I do feel that as a viewer, an understanding of these concepts and histories will provide a more rewarding experience with the work, as you will see more unfold from the paintings. Though I certainly don’t think it is necessary to understand International Art English to enjoy the work or find something meaningful therein. I’d like to think my work is meant for anyone – yet I am a painter nerd, with a history degree that happily carries the baggage of “painting” around.
While there has been endless critical debate regarding the merits of both representation and abstraction, as well as the historical impact of both, I tend to disassociate with their differences and see them as more connected or intertwined – particularly in traditional, 2-dimensional art such as painting. Don’t get me wrong, I have had many a barstool debate regarding this duality and find the “shop-talk” fascinating. But, honestly, it’s not something I think about in the studio. I just try to make the appropriate painting for the idea, or the moment.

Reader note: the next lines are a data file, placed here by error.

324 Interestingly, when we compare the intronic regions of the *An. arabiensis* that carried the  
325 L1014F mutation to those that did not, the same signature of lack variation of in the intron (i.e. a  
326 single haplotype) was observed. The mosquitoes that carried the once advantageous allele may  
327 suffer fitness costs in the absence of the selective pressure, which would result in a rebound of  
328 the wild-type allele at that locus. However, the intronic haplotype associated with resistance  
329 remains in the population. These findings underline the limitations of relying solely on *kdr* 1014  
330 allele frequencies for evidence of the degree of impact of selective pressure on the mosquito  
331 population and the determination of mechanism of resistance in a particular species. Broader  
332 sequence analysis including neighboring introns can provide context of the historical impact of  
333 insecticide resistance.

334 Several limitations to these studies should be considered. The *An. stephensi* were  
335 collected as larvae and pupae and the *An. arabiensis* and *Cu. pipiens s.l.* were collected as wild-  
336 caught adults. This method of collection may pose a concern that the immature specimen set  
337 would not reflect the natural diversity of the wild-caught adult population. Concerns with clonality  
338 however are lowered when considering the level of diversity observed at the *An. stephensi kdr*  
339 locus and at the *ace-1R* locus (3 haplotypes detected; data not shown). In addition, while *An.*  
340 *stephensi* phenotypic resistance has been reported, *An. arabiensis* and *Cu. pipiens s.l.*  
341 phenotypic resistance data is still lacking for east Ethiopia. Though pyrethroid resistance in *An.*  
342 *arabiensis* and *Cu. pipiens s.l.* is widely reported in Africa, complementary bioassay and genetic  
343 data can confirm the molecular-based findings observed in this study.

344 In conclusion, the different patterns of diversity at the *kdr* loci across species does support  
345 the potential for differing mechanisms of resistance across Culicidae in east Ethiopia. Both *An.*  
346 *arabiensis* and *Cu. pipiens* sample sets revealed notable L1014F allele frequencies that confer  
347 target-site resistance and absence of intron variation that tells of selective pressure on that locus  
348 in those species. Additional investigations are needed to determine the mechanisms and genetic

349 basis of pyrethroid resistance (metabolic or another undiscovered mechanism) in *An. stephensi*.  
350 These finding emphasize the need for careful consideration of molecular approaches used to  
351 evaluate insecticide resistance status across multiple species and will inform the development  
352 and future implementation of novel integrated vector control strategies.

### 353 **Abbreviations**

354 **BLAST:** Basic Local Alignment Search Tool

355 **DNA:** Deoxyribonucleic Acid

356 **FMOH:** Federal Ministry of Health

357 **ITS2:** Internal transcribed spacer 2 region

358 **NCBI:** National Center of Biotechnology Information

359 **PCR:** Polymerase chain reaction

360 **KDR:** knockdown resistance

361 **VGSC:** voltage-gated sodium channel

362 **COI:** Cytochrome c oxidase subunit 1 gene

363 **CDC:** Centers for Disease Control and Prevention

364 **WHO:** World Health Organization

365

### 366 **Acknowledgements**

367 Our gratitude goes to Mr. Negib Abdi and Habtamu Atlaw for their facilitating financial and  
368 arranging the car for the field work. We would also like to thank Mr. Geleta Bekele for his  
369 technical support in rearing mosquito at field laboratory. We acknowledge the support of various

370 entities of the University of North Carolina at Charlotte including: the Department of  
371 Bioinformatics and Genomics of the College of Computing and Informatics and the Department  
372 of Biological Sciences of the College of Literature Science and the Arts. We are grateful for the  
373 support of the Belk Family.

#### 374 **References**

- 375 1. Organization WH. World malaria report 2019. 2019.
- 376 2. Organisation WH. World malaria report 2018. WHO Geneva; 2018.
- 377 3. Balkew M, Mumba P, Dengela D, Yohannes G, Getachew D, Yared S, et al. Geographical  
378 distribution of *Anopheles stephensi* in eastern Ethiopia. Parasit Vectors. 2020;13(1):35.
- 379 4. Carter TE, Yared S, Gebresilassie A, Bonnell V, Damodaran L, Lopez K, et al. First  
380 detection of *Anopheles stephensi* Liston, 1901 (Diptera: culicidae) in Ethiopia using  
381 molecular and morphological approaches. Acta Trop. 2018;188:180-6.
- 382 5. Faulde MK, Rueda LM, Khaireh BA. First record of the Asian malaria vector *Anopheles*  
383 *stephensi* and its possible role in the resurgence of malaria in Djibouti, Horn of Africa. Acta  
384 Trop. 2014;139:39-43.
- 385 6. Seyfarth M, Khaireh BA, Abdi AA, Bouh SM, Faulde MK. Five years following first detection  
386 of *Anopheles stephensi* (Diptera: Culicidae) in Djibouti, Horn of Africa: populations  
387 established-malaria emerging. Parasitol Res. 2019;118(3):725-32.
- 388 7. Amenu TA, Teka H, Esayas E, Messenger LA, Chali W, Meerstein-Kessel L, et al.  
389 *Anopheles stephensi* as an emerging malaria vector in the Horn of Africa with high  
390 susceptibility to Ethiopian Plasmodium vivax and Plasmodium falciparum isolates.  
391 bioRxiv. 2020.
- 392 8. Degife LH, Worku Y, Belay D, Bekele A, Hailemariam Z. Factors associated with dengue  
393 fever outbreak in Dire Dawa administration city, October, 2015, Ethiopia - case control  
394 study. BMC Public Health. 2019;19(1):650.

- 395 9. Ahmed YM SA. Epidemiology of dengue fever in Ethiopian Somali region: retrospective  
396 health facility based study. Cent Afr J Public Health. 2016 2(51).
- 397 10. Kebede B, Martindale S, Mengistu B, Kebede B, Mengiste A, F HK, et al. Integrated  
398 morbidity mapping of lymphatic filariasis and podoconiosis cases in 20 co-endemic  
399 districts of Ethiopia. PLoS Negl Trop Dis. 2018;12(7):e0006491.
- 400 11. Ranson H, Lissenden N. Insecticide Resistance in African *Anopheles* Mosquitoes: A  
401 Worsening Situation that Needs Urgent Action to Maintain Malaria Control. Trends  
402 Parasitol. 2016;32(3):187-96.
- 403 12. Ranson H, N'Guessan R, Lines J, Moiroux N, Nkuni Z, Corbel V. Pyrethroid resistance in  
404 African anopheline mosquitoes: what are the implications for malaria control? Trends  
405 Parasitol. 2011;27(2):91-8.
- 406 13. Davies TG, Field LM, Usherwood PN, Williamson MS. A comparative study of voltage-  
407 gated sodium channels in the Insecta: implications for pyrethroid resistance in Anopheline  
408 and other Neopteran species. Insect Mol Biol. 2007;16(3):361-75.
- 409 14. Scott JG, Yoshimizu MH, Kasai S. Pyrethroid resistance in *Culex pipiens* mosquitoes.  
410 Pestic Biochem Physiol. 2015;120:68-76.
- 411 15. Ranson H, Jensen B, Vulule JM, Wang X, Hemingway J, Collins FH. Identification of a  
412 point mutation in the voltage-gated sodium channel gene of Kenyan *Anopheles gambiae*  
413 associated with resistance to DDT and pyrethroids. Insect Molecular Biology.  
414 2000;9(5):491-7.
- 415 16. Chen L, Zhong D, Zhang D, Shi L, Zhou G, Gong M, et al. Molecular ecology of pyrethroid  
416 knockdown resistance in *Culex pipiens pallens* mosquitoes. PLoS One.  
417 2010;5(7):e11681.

You’ve talked before about your work and practice as involving a search for meaning. As any artist knows, that search can involve numerous “failures” along the path to knowledge. I have an ongoing interest in the nature of failure and in understanding how our “failures” can actually push us forward if we learn to treat them with a certain amount of respect. Could you describe what a “failure” means or looks like to you, in terms of your studio practice and the act of making a painting?
I’m very comfortable with failure. I guess, the nature of the way I work necessitates it. I fail a lot. Ha, maybe more than I should at this point. I even share a selection of failed work on my website (no, none of them are available – they are failures!).
I’m most excited when failure can be integrated into a finished work. I see failure as a path that can cast light upon a dark corner, or provide necessary self-reflection. It is a useful tool in any endeavor. Failure is such a valuable human experience and art is such a perfect place to highlight it! (particularly in our over-mediated, highly curated, digital world).
I think it is also important to point out that failure, like it’s counterpart success, is largely self-defined. And perhaps more useful, it is our response to our self-perceived failure and success that define us. This thought process can extend to the studio and can be embodied in art!